Scope of the Directive
The Directive requires member states to take the necessary measures to ensure that particular conduct is punishable as a criminal offence. The Directive uses several terms that are not used in other payment-related legal acts such as PSD2. The Directive only refers to fraud in relation to non-cash payment instruments and information systems.
A non-cash instrument as defined as a non-corporeal or corporeal protected devise, object or record, or a combination thereof, other than legal tender, and which, alone or in conjunction with a procedure or a set of procedures, enables the holder or user to transfer money on monetary value, including through digital means of exchange.
An example for a non-cash payment instrument is a mobile payment application and a corresponding authorisation (e.g. a password). The Directive only covers instruments which put the holder or user of the instruments in the position to enable a transfer of money or to initiate a payment order. In that respect, unlawfully obtaining a mobile payment application without the necessary authorisation is not an unlawful obtainment of a non-cash payment instrument.
In addition, the Directive covers fraud in relation to information systems, which are defined as devices that, pursuant to a programme, automatically processes computer data, as well as computer data stored, processed, retrieved or transmitted by that device for the purposes of its or their operation, use, protection and maintenance.
Member States also have to ensure that incitement, aiding and abetting, and attempt shall be punishable as a criminal offence. However, the Directive only covers conduct when committed intentionally.
The criminal offences
The Directive requires Member States to ensure the fraudulent use of non-cash payment instruments to be punishable as a criminal offence: in particular, the fraudulent use of a stolen or otherwise appropriated or obtained non-cash payment instrument, or the fraudulent use of a counterfeit or falsified non-cash payment instrument. That criminal offence should essentially cover conduct of the transfer of money once the offender has obtained control over the non-cash payment instrument.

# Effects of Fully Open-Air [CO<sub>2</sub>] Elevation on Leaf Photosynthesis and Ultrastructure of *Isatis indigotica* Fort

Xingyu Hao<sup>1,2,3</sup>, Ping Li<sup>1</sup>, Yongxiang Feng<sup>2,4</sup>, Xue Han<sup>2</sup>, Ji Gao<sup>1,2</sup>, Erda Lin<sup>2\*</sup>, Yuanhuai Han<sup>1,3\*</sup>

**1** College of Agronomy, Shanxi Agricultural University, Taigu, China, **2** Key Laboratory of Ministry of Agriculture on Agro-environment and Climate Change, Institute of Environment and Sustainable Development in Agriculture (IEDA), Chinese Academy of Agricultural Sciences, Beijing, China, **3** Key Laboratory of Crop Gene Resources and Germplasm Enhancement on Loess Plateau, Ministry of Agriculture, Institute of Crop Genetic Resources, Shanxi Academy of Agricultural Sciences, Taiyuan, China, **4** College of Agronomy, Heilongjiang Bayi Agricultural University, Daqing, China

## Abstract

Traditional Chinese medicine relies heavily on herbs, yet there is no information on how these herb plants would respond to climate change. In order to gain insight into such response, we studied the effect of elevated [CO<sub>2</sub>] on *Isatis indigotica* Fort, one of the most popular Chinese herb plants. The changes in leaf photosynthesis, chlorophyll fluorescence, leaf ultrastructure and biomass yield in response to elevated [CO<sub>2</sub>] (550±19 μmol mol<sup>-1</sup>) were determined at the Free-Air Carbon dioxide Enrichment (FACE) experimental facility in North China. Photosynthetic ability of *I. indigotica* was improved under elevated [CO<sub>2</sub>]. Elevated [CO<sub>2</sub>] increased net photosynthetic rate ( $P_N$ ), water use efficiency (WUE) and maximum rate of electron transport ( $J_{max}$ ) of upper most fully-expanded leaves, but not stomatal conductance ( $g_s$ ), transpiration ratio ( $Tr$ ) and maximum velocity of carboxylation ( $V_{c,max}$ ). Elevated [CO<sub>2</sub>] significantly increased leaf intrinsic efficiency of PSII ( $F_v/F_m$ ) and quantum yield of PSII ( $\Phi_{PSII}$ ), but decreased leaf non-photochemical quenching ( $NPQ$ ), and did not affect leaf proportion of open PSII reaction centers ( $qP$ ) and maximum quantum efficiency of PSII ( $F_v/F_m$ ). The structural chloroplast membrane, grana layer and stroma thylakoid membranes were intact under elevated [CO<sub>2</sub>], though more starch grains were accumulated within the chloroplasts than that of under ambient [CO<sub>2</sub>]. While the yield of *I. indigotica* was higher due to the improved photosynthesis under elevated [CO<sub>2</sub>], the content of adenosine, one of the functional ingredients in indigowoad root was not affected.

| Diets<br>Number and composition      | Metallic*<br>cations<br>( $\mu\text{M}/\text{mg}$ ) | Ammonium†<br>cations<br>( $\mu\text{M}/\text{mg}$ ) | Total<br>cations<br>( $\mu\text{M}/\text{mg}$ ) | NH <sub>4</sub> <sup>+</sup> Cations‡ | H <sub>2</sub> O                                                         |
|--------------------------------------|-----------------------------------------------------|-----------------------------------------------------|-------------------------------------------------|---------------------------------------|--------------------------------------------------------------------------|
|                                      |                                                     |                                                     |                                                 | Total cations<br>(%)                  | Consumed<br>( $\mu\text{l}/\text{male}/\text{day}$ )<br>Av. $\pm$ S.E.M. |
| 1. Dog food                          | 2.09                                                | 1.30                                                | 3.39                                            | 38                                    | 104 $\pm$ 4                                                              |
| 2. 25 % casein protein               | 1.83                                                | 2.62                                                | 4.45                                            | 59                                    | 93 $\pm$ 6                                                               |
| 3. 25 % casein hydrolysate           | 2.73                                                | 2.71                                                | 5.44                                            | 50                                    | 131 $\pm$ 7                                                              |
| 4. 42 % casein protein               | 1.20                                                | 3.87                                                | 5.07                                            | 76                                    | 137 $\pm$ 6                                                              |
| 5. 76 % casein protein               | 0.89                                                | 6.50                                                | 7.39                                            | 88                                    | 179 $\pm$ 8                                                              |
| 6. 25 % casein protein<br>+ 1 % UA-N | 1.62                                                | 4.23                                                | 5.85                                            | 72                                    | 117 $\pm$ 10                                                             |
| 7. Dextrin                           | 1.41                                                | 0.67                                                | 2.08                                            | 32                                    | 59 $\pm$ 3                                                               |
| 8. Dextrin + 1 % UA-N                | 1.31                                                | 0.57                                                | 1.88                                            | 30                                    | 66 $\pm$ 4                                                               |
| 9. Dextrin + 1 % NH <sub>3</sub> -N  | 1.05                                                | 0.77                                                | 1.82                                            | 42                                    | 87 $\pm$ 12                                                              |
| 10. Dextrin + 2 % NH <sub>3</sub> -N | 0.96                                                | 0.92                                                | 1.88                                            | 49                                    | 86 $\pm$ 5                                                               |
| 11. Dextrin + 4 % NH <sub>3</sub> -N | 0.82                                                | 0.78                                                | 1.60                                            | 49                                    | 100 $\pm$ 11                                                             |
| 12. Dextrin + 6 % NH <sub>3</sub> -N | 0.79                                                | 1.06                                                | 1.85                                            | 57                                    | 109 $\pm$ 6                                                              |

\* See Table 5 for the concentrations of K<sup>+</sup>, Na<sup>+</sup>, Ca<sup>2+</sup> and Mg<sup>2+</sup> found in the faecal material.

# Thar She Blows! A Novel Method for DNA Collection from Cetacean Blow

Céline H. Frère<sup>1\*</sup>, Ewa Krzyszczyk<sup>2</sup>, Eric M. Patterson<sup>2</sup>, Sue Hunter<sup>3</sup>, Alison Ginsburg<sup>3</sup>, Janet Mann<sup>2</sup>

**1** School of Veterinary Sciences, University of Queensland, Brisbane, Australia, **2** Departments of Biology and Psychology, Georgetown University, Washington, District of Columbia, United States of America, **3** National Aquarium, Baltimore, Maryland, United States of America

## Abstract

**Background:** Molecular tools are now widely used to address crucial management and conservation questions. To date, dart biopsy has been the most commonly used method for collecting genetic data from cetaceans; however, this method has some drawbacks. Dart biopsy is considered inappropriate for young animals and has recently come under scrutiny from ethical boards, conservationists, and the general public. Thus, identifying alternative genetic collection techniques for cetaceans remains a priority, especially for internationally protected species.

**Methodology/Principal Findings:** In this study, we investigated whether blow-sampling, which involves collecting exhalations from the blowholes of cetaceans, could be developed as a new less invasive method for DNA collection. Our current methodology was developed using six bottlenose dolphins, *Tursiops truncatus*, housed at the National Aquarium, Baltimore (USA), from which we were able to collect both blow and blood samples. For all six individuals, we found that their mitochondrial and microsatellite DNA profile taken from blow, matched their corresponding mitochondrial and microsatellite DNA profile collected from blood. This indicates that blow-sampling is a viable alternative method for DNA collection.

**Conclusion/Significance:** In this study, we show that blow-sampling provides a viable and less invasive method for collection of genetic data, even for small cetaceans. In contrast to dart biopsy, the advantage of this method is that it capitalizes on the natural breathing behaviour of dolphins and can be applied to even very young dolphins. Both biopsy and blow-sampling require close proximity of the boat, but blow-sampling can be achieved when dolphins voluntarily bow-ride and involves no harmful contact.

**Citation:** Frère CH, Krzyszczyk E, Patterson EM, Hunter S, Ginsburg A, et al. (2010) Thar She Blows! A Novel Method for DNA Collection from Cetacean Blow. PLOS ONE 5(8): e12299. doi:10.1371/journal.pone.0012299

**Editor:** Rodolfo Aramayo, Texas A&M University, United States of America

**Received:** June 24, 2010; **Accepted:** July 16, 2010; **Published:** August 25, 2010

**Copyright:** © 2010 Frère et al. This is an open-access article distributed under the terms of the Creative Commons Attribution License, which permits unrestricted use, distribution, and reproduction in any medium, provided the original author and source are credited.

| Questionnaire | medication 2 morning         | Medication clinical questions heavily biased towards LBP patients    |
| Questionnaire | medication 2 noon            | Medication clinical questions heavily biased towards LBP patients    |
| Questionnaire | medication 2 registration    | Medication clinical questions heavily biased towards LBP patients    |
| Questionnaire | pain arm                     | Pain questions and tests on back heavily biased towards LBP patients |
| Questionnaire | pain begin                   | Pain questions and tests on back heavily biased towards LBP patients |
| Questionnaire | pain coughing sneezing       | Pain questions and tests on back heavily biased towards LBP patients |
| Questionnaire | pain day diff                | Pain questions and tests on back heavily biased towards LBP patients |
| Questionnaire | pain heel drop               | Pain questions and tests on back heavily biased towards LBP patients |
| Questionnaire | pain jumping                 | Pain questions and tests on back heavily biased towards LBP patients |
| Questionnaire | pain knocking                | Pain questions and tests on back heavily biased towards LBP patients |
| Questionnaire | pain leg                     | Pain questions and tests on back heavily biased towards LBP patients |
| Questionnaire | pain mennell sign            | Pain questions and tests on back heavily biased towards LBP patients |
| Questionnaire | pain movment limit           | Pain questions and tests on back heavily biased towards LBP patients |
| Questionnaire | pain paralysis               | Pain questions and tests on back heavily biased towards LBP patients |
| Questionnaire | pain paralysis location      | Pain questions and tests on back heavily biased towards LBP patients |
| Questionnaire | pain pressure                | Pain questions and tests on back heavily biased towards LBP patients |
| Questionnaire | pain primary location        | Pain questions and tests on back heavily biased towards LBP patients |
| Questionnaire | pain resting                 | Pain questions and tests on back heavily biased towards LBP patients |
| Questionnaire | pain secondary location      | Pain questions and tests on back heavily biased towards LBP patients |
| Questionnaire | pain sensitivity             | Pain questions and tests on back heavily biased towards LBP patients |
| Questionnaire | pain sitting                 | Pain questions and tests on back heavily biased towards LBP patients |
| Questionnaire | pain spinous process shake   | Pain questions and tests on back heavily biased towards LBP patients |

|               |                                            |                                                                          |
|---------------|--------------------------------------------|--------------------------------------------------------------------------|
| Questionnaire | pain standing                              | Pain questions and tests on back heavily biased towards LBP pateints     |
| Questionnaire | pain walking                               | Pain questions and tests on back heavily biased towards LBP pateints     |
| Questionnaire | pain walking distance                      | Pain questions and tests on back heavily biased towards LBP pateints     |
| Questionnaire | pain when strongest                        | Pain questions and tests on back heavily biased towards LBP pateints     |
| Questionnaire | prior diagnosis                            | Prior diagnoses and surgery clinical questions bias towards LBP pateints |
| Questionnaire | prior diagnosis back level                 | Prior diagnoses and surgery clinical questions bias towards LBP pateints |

The Directive also requires Member States to adopt criminal laws that sanction conduct prior to the use of unlawfully obtained non-cash payment instruments. Such laws shall cover conduct of a person in order to obtain control over a non-cash payment instrument. The Directive distinguishes between offences of the fraudulent use of corporeal and non-corporeal non-cash payment instruments.
With the term “corporeal” non-cash payment instruments the Directive aims to cover classical forms of conduct, like fraud, forgery, theft and unlawful appropriation that had in the view of the legislator already been shaped by national law before the era of digitalisation.
In contrast, the Directive also aims to cover forms of conduct in the digital sphere by also protecting non-corporeal payment instruments. The Directive requires Member States to prohibit various kinds of conduct that have the aim of obtaining control of a non-cash payment instrument as well as to provide for sanctions.
Finally, Member States shall ensure that hindering or interfering with the functioning of an information system or introducing, altering, deleting, transmitting or suppressing computer data, in each case without right, shall be punishable as a criminal offence if such conduct results in the performance or causing an unlawful transfer of money.
The Directive provides for particular penalties. For natural persons, certain types of conduct shall be punishable by a maximum term of imprisonment of at least one year, two years, three years or even five years. The Directive requires the highest maximum terms of imprisonment for conduct if it is committed within a framework of a criminal organisation.
The Directive also requires sanctions against legal persons if an offence has been committed by the natural person individually or as a part of an organ of that legal person, provided it has a leading position within that legal person (such as a company director). The Directive requires laws providing for criminal and non-criminal fines against the legal persons. Member states may also adopt other sanctions such as exclusion from entitlement to public benefits or aid, disqualification from the practice of commercial activities or judicial winding up.
Finally, the Directive requires Member States to adopt laws that shall ensure its effectiveness through cooperation between the Member States or by other means. Such laws shall, for instance, ensure the exchange of information, reporting of crime, assistance and support to victims, prevention as well as monitoring and statistics.
This article was originally published in the June 2019 edition of Osborne Clarke’s EPSM Legal Research Newsletter.